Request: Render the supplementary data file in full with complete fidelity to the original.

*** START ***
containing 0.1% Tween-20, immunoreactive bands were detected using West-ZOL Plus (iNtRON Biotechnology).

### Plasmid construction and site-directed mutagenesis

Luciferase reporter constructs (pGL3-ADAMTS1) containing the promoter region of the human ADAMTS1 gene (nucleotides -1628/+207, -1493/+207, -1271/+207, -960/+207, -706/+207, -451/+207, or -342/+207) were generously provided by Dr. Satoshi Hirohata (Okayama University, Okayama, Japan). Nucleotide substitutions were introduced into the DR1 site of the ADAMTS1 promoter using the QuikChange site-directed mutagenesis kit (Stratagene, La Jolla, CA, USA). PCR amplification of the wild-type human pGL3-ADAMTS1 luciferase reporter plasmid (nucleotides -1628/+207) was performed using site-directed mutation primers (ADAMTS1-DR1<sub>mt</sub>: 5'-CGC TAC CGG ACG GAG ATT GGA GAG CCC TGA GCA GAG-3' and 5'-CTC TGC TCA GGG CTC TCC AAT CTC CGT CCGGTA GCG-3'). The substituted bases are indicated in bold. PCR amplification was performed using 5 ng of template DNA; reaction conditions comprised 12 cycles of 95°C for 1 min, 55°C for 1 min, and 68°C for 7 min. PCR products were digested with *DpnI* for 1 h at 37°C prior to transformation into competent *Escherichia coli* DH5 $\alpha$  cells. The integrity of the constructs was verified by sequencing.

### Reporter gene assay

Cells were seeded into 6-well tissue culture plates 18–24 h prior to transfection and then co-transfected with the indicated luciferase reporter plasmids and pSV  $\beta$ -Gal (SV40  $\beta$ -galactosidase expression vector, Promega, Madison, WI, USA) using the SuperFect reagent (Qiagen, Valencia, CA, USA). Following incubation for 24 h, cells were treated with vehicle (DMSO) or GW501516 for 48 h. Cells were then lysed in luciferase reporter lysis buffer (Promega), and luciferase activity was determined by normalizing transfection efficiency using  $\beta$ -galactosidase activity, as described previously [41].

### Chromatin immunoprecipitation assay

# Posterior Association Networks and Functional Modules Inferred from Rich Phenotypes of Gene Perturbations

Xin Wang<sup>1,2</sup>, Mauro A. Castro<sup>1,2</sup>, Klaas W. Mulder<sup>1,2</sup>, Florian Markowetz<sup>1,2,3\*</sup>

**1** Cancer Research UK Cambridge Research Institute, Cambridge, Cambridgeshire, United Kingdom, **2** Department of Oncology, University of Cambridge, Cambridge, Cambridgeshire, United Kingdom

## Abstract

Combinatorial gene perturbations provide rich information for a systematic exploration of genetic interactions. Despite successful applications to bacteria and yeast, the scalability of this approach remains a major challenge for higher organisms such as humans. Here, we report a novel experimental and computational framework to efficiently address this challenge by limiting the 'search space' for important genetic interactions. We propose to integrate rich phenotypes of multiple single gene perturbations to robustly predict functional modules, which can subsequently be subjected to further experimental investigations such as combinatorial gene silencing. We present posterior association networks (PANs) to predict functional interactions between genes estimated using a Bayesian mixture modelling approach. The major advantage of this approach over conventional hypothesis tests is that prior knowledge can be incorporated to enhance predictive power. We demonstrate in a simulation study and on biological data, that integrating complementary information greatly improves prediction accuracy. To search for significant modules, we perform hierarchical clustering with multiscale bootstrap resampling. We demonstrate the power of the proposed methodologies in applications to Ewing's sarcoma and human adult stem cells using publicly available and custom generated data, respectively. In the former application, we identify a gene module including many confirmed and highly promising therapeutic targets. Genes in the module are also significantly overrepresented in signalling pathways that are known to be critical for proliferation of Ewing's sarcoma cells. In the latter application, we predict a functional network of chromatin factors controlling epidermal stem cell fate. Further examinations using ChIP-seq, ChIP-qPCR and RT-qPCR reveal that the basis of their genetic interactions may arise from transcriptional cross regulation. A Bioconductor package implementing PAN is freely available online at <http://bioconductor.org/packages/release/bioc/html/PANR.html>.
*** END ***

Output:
containing 0.1% Tween-20, immunoreactive bands were detected using West-ZOL Plus (iNtRON Biotechnology).

### Plasmid construction and site-directed mutagenesis

Luciferase reporter constructs (pGL3-ADAMTS1) containing the promoter region of the human ADAMTS1 gene (nucleotides -1628/+207, -1493/+207, -1271/+207, -960/+207, -706/+207, -451/+207, or -342/+207) were generously provided by Dr. Satoshi Hirohata (Okayama University, Okayama, Japan). Nucleotide substitutions were introduced into the DR1 site of the ADAMTS1 promoter using the QuikChange site-directed mutagenesis kit (Stratagene, La Jolla, CA, USA). PCR amplification of the wild-type human pGL3-ADAMTS1 luciferase reporter plasmid (nucleotides -1628/+207) was performed using site-directed mutation primers (ADAMTS1-DR1<sub>mt</sub>: 5'-CGC TAC CGG ACG GAG ATT GGA GAG CCC TGA GCA GAG-3' and 5'-CTC TGC TCA GGG CTC TCC AAT CTC CGT CCGGTA GCG-3'). The substituted bases are indicated in bold. PCR amplification was performed using 5 ng of template DNA; reaction conditions comprised 12 cycles of 95°C for 1 min, 55°C for 1 min, and 68°C for 7 min. PCR products were digested with *DpnI* for 1 h at 37°C prior to transformation into competent *Escherichia coli* DH5 $\alpha$  cells. The integrity of the constructs was verified by sequencing.

### Reporter gene assay

Cells were seeded into 6-well tissue culture plates 18–24 h prior to transfection and then co-transfected with the indicated luciferase reporter plasmids and pSV  $\beta$ -Gal (SV40  $\beta$ -galactosidase expression vector, Promega, Madison, WI, USA) using the SuperFect reagent (Qiagen, Valencia, CA, USA). Following incubation for 24 h, cells were treated with vehicle (DMSO) or GW501516 for 48 h. Cells were then lysed in luciferase reporter lysis buffer (Promega), and luciferase activity was determined by normalizing transfection efficiency using  $\beta$ -galactosidase activity, as described previously [41].

### Chromatin immunoprecipitation assay

# Posterior Association Networks and Functional Modules Inferred from Rich Phenotypes of Gene Perturbations

Xin Wang<sup>1,2</sup>, Mauro A. Castro<sup>1,2</sup>, Klaas W. Mulder<sup>1,2</sup>, Florian Markowetz<sup>1,2,3\*</sup>

**1** Cancer Research UK Cambridge Research Institute, Cambridge, Cambridgeshire, United Kingdom, **2** Department of Oncology, University of Cambridge, Cambridge, Cambridgeshire, United Kingdom

## Abstract

Combinatorial gene perturbations provide rich information for a systematic exploration of genetic interactions. Despite successful applications to bacteria and yeast, the scalability of this approach remains a major challenge for higher organisms such as humans. Here, we report a novel experimental and computational framework to efficiently address this challenge by limiting the 'search space' for important genetic interactions. We propose to integrate rich phenotypes of multiple single gene perturbations to robustly predict functional modules, which can subsequently be subjected to further experimental investigations such as combinatorial gene silencing. We present posterior association networks (PANs) to predict functional interactions between genes estimated using a Bayesian mixture modelling approach. The major advantage of this approach over conventional hypothesis tests is that prior knowledge can be incorporated to enhance predictive power. We demonstrate in a simulation study and on biological data, that integrating complementary information greatly improves prediction accuracy. To search for significant modules, we perform hierarchical clustering with multiscale bootstrap resampling. We demonstrate the power of the proposed methodologies in applications to Ewing's sarcoma and human adult stem cells using publicly available and custom generated data, respectively. In the former application, we identify a gene module including many confirmed and highly promising therapeutic targets. Genes in the module are also significantly overrepresented in signalling pathways that are known to be critical for proliferation of Ewing's sarcoma cells. In the latter application, we predict a functional network of chromatin factors controlling epidermal stem cell fate. Further examinations using ChIP-seq, ChIP-qPCR and RT-qPCR reveal that the basis of their genetic interactions may arise from transcriptional cross regulation. A Bioconductor package implementing PAN is freely available online at <http://bioconductor.org/packages/release/bioc/html/PANR.html>.